The Tomatometer rating – based on the published opinions of hundreds of film and television critics – is a trusted measurement of movie and TV programming quality for millions of moviegoers. It represents the percentage of professional critic reviews that are positive for a given film or television show.
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The Tomatometer is 60% or higher.
The Tomatometer is 59% or lower.
Movies and TV shows are Certified Fresh with a steady Tomatometer of 75% or higher after a set amount of reviews (80 for wide-release movies, 40 for limited-release movies, 20 for TV shows), including 5 reviews from Top Critics.
Percentage of users who rate a movie or TV show positively.
The moment that Puss made his debut in Shrek 2, dramatically voiced by Antonio Banderas, and all but walked away with the picture, it was clear that DreamWorks Animation had created a resonant character.
Puss in Boots prances along on three basic truths. One, cats are funny. Two, vain Spanish cats in high-heeled musketeer boots are even funnier. Lastly, booted, vain Spanish cats voiced by a breathy Antonio Banderas are flat-out hilarious.
It would overstate matters to say Puss in Boots leaves its cat holding the bag (we had to get that in). But it also leaves its hero awaiting a richer fable, one befitting his charms and his portrayer's talents.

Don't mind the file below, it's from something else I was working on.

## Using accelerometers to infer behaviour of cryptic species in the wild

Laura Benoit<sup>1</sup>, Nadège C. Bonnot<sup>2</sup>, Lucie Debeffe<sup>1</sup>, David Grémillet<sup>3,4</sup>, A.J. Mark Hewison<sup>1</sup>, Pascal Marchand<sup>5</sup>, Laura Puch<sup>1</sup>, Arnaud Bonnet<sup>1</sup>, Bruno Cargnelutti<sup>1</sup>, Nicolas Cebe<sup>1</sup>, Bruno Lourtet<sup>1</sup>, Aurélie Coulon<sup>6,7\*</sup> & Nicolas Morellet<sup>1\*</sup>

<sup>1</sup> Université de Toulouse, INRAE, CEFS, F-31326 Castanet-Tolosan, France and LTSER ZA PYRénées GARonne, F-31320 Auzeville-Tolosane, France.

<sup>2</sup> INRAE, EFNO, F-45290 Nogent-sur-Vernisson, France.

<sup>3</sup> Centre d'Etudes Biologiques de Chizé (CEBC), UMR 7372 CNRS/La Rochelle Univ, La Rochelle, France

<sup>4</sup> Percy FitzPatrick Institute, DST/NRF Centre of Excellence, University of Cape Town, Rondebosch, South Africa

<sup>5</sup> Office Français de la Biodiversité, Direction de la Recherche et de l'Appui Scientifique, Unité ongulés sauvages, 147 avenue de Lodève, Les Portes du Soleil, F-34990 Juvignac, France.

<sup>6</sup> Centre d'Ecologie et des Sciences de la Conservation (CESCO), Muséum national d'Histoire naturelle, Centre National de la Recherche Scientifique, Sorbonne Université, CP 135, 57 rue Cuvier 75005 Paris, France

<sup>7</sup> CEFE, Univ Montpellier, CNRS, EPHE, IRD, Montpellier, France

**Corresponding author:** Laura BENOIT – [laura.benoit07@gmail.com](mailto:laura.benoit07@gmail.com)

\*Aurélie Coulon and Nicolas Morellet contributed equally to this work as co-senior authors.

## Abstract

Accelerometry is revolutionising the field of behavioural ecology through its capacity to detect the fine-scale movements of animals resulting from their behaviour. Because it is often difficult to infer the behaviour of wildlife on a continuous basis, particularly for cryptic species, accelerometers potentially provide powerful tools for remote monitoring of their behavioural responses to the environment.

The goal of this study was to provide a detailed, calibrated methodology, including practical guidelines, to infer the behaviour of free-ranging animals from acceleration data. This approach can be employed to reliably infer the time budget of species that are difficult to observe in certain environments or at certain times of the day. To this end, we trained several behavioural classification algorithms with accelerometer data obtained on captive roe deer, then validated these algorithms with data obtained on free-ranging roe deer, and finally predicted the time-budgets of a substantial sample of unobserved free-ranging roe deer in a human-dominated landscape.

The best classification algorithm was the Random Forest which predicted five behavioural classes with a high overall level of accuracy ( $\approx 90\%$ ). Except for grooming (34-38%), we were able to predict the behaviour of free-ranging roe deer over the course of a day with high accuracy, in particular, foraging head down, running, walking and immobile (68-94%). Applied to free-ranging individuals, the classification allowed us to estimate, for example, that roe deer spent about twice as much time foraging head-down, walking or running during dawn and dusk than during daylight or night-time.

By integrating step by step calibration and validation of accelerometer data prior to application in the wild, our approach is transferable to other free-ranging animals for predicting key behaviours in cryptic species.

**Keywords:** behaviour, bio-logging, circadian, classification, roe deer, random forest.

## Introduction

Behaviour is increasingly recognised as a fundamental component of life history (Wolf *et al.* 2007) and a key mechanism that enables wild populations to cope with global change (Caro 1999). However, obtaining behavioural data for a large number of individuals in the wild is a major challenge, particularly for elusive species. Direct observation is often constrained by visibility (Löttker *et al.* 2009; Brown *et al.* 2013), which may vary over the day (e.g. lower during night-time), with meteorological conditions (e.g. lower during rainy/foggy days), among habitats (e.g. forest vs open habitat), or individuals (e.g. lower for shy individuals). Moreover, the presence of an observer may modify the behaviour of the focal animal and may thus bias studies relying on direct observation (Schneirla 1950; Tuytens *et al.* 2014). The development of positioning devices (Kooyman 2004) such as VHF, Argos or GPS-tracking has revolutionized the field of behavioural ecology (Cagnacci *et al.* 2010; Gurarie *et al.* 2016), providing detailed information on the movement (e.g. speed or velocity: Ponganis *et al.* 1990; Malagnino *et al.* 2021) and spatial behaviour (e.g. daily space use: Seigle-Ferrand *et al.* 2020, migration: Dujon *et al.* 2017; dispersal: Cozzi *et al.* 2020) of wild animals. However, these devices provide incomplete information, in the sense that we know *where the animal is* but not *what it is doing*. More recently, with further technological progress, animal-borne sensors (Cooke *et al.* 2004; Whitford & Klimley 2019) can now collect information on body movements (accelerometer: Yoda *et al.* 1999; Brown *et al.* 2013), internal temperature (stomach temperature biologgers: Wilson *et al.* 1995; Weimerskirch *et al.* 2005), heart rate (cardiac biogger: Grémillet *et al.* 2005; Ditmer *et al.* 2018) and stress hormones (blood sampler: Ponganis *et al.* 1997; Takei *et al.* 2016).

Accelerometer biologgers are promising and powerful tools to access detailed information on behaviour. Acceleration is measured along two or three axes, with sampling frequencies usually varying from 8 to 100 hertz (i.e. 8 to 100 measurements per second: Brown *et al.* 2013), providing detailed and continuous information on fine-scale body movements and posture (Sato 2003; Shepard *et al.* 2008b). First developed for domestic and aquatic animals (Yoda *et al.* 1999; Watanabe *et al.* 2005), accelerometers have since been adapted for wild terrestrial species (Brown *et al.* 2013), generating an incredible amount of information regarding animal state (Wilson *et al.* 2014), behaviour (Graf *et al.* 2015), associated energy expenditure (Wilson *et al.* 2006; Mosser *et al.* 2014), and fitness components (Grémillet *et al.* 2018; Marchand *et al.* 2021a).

"Puss in Boots'' doesn't break any new ground in the storytelling department, and its reliance on go-go-go state-of-the-art action sequences grows wearying by the end, but the movie has a devilish wit that works for parent and child alike...
In the Shrek films, the joke of Puss in Boots, with his trilled consonants and penchant for chest-puffing sword duels, is that no one this cuddly should try to be this dashing. But in Puss in Boots, that joke wears out its welcome in 15 minutes.
Who needs a narrative when you've got a few funny lines (caught with catnip, Puss declares it's "for my glaucoma"), a Morricone knockoff score and a climactic sequence with something we'll call Goosezilla?